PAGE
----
Heyo! Happy Friday Readers and welcome to the end of another week. Today we are getting to know another staff member through their book recs and hitting up our fabulous Graphic and Cover Designer, Lucy Rhodes! To reiterate, these are five books that represent our reading tastes, have personal significance, and shaped who we are.
As I’m sure my colleagues will relate, choosing just five books to recommend to you has felt like an almost impossible task. A scrappy young toddler, I was reading to myself by the time I was three, so at the time of writing this there’s a solid thirty years of literature that is inextricably woven into my being. I did it anyway, though.
The Horse and His Boy (The Chronicles of Narnia) by C.S. Lewis
Arguably my list of most influential books is composed of those I read when I was still in school; plots and protagonists that helped me better understand the world and myself, or sometimes to escape both those things. There is a short list of books that I read obsessively, several times a year for several years, often immediately starting over again once I’d reached the end. They helped me survive some very dark times, providing me with sanctuary and respite. The Chronicles of Narnia by C.S. Lewis is right at the top of that list, alongside The Series That Shall Not Be Named and, weirdly, Memoirs of a Geisha. I have a huge, battered paperback of all seven Narnia novels that stands testament to the hours I spent inside its pages.
My favourite of the Chronicles is actually the one that could stand alone from the rest of the series. In The Horse and His Boy, two children seek to escape their imminent futures as a slave and a child bride, with the help of two talking horses who themselves were kidnapped as foals and held captive, forced to hide their true selves. The fifth book published in the Chronicles, the story predominantly takes place in a land to the south of Narnia, called Calormen, where masters rule slaves and the socio-economic divide causes festering ruin at both ends of the spectrum. There are overarching themes of discovering one’s true self, of belonging, and of facing the unknown with faith, determination, and perseverance—true testaments of strength and bravery. Lewis’s fictional deity Aslan has a strong presence throughout as well, reinforcing a message of divine providence and hope.
Fairy Tales by Hans Christian Andersen, Tiina Nunnally
If you’ve read the original The Little Mermaid, or are familiar with any of Andersen’s stories, then you’ll understand why this is on my list. This edition, specifically, was translated by native Dane Tiina Nunnally in an attempt to give English readers a more authentic experience of Andersen’s writing style, as well as avoiding the commonplace bastardization of fairy tales and folklore into something Disney can sell to kids. By all accounts Andersen led a really lonely, miserable life full of rejection and unrequited love—both male and female—and it shows in his twisted stories.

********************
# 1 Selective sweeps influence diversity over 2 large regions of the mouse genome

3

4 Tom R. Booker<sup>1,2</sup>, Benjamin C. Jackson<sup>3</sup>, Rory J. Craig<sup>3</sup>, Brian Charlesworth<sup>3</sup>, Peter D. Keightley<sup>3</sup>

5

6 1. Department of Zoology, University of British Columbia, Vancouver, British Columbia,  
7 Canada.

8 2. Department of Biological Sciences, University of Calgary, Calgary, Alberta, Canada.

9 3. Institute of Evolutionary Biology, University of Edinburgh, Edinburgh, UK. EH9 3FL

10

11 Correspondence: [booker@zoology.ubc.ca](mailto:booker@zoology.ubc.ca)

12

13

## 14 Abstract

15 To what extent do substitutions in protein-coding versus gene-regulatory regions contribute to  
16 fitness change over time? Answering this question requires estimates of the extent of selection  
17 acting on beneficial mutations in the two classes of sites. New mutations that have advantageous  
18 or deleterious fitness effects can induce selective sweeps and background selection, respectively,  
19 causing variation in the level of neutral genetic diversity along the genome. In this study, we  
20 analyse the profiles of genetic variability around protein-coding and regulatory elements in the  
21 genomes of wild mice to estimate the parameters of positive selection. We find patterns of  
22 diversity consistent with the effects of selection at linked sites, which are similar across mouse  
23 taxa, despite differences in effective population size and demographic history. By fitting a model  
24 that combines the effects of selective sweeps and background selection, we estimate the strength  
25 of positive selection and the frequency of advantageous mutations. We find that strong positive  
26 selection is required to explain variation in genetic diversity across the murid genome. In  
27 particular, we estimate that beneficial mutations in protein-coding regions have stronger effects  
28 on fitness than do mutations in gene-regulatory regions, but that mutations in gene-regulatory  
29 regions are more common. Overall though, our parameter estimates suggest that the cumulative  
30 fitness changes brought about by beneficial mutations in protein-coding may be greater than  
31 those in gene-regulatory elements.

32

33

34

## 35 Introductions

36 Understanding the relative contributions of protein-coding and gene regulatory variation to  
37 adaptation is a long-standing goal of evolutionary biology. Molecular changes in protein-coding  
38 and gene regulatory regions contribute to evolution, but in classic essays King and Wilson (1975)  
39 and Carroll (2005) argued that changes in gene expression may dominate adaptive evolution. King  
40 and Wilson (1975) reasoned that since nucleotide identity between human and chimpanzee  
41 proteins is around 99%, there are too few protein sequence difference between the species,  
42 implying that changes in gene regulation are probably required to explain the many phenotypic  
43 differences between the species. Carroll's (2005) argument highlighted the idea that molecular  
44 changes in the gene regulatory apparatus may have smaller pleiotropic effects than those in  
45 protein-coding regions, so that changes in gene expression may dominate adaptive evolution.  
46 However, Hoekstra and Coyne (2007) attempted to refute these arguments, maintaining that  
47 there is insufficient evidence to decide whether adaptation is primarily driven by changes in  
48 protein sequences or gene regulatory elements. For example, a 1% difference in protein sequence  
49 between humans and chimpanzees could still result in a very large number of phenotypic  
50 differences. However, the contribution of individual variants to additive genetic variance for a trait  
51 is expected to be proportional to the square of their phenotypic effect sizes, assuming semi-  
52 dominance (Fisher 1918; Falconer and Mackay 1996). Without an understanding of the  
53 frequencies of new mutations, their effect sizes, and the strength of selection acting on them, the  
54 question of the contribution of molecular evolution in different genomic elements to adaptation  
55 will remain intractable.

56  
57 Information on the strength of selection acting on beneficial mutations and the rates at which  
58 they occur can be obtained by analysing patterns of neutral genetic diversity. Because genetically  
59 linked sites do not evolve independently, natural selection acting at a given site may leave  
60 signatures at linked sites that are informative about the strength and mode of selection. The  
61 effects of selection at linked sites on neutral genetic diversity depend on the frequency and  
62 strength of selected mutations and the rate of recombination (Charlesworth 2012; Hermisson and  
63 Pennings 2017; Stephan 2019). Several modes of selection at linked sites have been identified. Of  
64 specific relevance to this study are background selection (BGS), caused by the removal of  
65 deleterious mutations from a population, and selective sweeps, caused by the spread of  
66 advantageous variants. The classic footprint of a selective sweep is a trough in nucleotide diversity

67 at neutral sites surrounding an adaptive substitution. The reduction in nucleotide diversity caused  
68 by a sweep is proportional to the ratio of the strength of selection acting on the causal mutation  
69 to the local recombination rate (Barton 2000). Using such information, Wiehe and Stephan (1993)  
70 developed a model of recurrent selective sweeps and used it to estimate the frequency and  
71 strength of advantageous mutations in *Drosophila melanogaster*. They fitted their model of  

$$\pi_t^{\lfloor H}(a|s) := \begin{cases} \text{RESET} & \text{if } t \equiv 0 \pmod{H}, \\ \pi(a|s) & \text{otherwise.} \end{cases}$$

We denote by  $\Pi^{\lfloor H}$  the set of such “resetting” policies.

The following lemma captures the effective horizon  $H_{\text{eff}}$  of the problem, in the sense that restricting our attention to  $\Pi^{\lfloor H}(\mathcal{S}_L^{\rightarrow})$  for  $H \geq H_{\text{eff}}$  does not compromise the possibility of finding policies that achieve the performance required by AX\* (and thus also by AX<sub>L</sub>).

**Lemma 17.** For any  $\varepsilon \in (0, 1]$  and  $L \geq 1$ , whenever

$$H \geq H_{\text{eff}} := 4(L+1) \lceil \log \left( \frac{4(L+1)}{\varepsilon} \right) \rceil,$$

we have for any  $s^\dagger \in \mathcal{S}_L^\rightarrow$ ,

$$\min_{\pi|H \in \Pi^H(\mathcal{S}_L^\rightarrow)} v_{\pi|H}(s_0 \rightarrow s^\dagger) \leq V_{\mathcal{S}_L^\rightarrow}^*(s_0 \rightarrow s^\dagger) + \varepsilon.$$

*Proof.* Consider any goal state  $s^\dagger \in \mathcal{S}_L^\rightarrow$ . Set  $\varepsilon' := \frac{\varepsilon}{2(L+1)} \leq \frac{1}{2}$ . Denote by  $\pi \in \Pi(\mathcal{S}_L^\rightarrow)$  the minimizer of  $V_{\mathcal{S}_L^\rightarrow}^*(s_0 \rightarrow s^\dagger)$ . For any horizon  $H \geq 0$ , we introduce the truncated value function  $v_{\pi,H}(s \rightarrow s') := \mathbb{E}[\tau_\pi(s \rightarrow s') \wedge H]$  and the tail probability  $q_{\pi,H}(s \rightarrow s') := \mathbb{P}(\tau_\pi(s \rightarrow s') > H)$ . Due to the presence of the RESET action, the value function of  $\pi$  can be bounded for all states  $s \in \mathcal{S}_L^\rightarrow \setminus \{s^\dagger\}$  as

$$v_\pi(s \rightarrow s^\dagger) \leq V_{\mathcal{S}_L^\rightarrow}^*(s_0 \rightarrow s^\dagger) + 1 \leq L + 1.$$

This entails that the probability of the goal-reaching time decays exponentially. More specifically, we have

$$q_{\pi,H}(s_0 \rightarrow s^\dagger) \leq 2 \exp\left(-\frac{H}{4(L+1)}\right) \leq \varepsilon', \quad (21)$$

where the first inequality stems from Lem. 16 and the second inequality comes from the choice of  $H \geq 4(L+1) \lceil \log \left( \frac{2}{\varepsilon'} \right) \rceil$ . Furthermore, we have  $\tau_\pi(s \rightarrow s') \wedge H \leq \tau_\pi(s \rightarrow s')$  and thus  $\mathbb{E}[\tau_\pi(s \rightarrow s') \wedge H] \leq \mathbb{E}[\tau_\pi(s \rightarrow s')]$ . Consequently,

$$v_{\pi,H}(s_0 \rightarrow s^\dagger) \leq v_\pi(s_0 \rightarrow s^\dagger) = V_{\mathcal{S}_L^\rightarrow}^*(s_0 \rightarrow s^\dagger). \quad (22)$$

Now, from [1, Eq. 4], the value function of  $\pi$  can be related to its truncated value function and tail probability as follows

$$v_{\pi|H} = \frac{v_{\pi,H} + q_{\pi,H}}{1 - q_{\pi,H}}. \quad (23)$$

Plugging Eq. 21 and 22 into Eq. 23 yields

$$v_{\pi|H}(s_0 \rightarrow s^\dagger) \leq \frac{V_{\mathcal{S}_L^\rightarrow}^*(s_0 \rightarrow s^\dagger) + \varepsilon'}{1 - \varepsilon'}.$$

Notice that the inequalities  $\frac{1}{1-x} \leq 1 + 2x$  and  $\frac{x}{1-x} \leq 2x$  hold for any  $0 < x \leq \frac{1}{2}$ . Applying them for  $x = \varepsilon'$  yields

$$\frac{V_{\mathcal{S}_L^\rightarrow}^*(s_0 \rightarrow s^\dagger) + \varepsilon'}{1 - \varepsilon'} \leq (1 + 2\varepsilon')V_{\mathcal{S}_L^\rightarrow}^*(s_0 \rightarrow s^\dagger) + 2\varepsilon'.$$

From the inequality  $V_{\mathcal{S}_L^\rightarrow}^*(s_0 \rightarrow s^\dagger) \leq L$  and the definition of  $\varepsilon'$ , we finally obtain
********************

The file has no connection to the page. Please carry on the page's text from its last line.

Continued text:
I received an earlier edition than the above mentioned for my 6th or 7th birthday, which my baby emo-self adored and loaned to a close friend... and then never got back before we both moved away and lost touch. Andersen’s stories stayed with me though, haunting my inner world and toying with my own sense of loneliness and misery throughout my youth. As a young adult, my older sister and I visited a large bookstore and I came across this extraordinarily beautiful hardback edition. It was the dream magic book of my youth; fabric bound hardback with gilding and silky ribbons. And my wonderful sister saw how much I loved it and bought it for me, and I’ve treasured it ever since.
The Endless Steppe by Esther Hautzig
I don’t remember when I first read this memoir (I think maybe assigned reading in eighth grade English?) but a pre-loved copy has been in my home library for at least two decades.
World War 2 and the Holocaust were something we studied a lot in school, and something that fascinated me. Like Anne Frank’s Diary and I Am David by Anne Holm, which I also highly recommend, The Endless Steppe leads you through the almost unimaginable world of genocide, war, and the holocaust as seen through the eyes of a young person.
Esther and her family were wealthy and well-respected within the Jewish community of their Polish hometown of Vilna (now Wilno in modern-day Lithuania) when the Russians captured and split apart her tight-knit extended family. Esther, her parents, and her grandmother were exiled to the Siberian steppe where they were forced to work in a gypsum mine. This is a relatively short read, but immensely powerful, and Esther’s story is best expressed in her own words, which is indeed part of what makes the book so incredible.